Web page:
Craig Perko said...

I've played them, of course. I haven't played Portal because my computer can't handle it. But I've played Narbacular Drop, which is the predecessor.

Patrick said...

I think you may have implicitedly passed this principle on to me while we worked together. CuttleCandy's navigation is really about knocking the candies around and how you launch the cuttlefish to that effect. Since we moved to Unity we're talking about fluid-like physics, cuttlefish'll slide off barriers, stuff like that, lots of naunce to it.

I'm trying to get the same kind of deal in Loot but with lighting instead of physics. You dash around real quick in the light, sneak softly through the dark, and you can manipulate light to cover your movements or try to get someone else caught. So you don't nessecarily need a lot of cycles to pull it off, just a clever dynamic (that said we're precomputing the majority of the lights, the static ones, because you can never be too careful with Flash - as you know.)

Kevin said...

I can agree that navigation or some entertaining fundamental helps to make a game more entertaining overall. Starsiege Tribes is the best example of this I can think of. It would have been a very poor game, but the fundamental movement (skiing and jump-jetting to locations) is inherently fun. One can be entertained by this alone if nobody is on a server, and the combat merely adds upon this. Interesting post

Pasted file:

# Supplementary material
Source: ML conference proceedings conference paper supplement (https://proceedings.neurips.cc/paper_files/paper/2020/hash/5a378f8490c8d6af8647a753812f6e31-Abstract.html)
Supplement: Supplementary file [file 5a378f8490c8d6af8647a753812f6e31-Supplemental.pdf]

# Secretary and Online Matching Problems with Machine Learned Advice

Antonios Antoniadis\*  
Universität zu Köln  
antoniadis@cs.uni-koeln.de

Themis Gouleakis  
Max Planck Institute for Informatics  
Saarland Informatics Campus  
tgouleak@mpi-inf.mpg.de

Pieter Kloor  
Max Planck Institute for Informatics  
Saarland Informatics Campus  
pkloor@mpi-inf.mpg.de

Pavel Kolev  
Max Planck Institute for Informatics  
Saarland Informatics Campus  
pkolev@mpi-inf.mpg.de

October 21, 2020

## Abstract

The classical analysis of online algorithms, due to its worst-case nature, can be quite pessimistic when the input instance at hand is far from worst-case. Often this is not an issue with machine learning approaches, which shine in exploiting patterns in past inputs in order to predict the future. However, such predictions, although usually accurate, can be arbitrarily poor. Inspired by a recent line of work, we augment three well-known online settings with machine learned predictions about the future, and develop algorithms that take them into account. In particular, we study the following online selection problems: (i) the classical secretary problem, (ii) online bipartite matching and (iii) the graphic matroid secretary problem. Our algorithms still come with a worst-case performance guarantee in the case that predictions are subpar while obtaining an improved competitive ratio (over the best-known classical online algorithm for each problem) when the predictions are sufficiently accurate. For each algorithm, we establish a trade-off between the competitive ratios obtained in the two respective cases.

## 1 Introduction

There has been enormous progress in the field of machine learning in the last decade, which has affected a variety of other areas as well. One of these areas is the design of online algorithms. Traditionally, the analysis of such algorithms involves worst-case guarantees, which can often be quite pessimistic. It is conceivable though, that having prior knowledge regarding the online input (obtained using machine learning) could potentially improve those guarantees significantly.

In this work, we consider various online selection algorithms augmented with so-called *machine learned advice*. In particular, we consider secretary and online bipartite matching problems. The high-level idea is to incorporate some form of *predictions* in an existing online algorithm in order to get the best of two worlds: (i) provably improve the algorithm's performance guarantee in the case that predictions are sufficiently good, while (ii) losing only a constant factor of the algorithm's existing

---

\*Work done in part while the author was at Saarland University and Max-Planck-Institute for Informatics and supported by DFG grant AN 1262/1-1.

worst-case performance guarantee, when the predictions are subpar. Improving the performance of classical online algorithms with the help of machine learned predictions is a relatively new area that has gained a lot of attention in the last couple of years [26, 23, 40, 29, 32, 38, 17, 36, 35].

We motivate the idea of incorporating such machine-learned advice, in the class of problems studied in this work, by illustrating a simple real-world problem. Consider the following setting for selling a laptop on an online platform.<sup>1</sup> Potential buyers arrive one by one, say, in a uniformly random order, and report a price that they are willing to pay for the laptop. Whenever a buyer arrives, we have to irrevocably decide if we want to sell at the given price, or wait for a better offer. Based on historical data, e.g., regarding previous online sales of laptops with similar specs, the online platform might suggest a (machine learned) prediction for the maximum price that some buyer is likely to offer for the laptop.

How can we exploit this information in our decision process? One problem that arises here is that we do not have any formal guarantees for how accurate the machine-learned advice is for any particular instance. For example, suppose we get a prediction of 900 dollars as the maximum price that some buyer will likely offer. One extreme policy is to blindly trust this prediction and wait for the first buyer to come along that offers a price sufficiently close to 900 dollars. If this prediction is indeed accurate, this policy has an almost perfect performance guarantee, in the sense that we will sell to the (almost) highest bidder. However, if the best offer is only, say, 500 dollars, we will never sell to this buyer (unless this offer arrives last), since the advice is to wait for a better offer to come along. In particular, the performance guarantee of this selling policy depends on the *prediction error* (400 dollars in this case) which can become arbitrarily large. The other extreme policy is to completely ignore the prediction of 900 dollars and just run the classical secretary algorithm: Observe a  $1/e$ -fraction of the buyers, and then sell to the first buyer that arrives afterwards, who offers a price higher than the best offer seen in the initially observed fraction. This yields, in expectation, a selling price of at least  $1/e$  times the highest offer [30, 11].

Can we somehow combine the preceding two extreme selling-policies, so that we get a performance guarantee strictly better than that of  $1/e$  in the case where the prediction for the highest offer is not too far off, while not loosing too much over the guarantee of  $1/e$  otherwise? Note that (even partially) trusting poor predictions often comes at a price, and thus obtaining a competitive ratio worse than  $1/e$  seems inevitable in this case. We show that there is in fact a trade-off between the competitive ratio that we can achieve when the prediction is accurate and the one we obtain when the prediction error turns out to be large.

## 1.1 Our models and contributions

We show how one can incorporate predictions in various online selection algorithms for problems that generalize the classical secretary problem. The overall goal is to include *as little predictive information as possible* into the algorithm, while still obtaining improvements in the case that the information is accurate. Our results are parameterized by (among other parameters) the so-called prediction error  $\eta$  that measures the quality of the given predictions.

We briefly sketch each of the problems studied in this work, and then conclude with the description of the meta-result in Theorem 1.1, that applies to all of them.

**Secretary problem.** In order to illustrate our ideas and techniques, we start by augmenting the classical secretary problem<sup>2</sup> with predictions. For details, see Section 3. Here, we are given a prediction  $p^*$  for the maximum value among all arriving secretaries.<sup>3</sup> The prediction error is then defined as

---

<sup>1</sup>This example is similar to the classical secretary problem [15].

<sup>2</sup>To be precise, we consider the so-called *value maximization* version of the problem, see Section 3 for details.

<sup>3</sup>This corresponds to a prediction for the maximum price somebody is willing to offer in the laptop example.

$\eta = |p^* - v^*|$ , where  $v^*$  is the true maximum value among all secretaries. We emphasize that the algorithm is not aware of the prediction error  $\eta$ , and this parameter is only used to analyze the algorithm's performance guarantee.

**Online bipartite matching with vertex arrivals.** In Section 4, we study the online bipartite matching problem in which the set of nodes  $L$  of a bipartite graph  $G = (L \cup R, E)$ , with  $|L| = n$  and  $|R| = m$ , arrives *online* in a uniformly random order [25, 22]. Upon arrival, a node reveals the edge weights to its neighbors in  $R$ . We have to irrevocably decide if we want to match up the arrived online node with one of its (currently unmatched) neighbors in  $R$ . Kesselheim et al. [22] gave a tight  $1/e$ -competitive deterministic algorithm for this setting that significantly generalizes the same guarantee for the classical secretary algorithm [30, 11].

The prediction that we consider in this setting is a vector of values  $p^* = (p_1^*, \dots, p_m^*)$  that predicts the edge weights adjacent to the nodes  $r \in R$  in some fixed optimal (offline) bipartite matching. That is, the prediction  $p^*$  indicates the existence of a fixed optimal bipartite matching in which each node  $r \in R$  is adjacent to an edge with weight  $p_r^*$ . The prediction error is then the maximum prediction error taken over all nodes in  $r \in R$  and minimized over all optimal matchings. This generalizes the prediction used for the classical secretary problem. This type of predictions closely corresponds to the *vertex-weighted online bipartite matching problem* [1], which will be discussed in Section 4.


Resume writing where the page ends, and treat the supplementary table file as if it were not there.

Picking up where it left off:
Craig Perko said...

I'm glad this post has gotten so many responses: it's a topic that's very interesting to me.

If anyone writes up their own post about it, make sure to post a link here, so I can read it.

David said...

Two words:
Umihara Kawase

Emulates well on ZSNES. You are a school-aged girl who must navigate the landscape by hooking onto the level geometry with your springy fishing line/hook.

Craig Perko said...

Haven't played it, I'll look into it. Thanks!

David said...

It's pretty hard though. And cheap hard sometimes : )